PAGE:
• And some vindictive patients who didn't tget the enti-bio they demanded will post bad comments.

    Perhaps Prof Field and his ilk ought to recognise that reviews and Friends and Family Test are utter dung pile ideas

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  • The issue with "malicious comments" on NHS choices must also be addressed. Sometimes comments made are completely disconnected with reality, slanderous/libellous and insulting and even moderator with a brain would have them removed BUT the moderators won't do this unless frank threats are made on-line.
    Will Professor Field address this anonymous on-line NHS choices abuse of GP practices????

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  • I feel repeatedly "abused" by Professor Field's team and the CQC....by their attempts to smear the whole of General Practice by one or two offenders.
    I demand an apology for all the decent, hard working practices "abused in this way" but will I get one...Nah, just a two-fingered salut!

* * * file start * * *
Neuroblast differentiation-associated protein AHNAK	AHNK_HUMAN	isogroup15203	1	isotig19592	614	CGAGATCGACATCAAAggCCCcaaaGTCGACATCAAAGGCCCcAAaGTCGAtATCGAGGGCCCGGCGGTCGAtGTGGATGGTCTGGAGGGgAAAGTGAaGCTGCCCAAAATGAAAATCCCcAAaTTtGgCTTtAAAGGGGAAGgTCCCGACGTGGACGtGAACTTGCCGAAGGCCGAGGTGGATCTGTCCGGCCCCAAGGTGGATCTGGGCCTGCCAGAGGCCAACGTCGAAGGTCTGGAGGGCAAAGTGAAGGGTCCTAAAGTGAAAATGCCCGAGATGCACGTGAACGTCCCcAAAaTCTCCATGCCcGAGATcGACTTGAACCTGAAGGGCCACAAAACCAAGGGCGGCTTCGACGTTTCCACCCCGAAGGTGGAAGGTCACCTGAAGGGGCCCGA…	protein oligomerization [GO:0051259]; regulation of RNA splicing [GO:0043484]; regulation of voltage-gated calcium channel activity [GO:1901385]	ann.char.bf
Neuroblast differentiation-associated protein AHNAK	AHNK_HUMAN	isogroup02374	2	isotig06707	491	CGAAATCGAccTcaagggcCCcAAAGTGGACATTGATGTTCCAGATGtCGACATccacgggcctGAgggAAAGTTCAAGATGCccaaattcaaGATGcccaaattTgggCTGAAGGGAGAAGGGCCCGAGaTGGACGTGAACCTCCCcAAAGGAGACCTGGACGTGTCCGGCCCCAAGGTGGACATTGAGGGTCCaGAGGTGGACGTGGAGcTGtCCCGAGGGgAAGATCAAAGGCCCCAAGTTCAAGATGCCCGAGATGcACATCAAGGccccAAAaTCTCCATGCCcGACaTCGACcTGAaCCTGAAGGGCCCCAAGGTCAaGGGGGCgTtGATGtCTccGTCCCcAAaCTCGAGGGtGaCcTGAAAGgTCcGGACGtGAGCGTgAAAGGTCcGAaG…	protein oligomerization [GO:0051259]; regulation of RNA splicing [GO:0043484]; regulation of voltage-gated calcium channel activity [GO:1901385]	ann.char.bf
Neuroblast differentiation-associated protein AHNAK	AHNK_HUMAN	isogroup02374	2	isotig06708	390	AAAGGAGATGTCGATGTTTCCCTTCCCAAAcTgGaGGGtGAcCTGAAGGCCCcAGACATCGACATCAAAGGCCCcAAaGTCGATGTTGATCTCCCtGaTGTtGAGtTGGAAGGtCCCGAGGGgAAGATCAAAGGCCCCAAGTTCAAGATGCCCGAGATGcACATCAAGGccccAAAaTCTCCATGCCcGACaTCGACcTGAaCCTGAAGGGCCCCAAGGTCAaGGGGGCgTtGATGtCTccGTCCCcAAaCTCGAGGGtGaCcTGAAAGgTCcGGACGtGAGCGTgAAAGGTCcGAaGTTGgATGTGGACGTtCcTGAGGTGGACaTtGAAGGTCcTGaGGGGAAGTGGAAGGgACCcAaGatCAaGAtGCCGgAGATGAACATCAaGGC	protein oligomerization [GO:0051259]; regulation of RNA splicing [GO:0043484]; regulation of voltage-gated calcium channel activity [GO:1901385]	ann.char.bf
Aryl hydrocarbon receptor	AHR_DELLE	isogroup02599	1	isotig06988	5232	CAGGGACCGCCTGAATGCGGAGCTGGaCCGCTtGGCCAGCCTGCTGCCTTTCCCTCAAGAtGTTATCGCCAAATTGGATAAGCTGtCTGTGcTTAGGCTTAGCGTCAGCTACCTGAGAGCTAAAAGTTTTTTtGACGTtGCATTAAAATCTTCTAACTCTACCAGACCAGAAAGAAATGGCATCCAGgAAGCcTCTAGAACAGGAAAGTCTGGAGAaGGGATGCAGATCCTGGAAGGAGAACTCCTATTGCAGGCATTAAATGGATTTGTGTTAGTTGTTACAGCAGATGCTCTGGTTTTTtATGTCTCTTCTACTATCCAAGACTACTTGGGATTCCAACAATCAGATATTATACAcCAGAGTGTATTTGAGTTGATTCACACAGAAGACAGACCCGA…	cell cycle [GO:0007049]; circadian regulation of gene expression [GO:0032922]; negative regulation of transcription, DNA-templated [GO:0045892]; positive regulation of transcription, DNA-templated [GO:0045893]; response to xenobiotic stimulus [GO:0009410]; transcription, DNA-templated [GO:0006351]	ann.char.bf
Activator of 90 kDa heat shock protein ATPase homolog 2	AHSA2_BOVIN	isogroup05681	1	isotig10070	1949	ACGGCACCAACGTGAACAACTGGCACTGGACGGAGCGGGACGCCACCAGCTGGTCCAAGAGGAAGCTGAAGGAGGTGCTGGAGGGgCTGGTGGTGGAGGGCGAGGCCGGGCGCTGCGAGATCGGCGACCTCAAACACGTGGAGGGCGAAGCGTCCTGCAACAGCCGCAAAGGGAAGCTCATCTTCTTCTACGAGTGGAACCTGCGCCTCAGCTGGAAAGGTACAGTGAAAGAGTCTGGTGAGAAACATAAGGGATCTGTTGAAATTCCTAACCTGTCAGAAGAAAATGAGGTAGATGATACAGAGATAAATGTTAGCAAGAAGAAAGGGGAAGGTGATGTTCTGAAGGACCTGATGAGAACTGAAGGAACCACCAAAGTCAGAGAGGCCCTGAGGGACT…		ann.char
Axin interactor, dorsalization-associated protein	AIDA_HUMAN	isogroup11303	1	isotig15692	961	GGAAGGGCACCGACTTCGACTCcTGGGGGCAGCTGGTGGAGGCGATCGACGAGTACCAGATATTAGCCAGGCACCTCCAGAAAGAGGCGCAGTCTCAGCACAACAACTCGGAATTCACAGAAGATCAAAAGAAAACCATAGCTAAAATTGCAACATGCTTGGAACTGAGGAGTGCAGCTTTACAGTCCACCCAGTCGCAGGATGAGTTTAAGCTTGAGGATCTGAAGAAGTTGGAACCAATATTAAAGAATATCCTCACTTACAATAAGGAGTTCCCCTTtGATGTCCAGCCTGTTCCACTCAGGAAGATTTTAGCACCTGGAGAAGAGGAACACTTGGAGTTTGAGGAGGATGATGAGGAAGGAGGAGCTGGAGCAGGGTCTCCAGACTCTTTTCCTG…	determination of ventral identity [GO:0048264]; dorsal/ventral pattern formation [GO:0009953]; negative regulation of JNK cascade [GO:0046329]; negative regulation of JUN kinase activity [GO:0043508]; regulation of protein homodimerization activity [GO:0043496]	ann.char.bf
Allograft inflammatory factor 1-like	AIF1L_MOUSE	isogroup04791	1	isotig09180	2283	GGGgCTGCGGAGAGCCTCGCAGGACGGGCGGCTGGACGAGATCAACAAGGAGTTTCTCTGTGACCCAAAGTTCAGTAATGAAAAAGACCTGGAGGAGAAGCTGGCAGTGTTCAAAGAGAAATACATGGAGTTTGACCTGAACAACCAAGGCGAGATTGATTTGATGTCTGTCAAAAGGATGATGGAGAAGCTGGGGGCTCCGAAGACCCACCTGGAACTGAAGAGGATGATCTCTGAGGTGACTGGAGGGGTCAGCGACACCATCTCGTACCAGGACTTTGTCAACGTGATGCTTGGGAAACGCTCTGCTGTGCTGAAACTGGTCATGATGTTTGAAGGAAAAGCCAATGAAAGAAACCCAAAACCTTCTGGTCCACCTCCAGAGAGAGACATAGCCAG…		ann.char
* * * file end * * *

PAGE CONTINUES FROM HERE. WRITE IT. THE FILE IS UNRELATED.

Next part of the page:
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  • Our omnipotent CQC now policing NHS Choices comments - where does this end?
    If you find a Practice really doing this sort of mischief, prove it and strike the responsible person off. But if you can't prevent Practices from being abused by anonymous 'patients', then try to resolve that problem first. GPs are not punching bags and can only take that much of abuse from patients and a similar level from NHS bosses.

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  • Well was it "whistleblowers" and "some GPs...filling in a lot of things" or was it "a single incident"? If the latter and Steven Field did indeed claim the former as quoted, an immediate retraction and full explanation would not go amiss. Best practice requires attention to detail and the avoidance of misleading comments.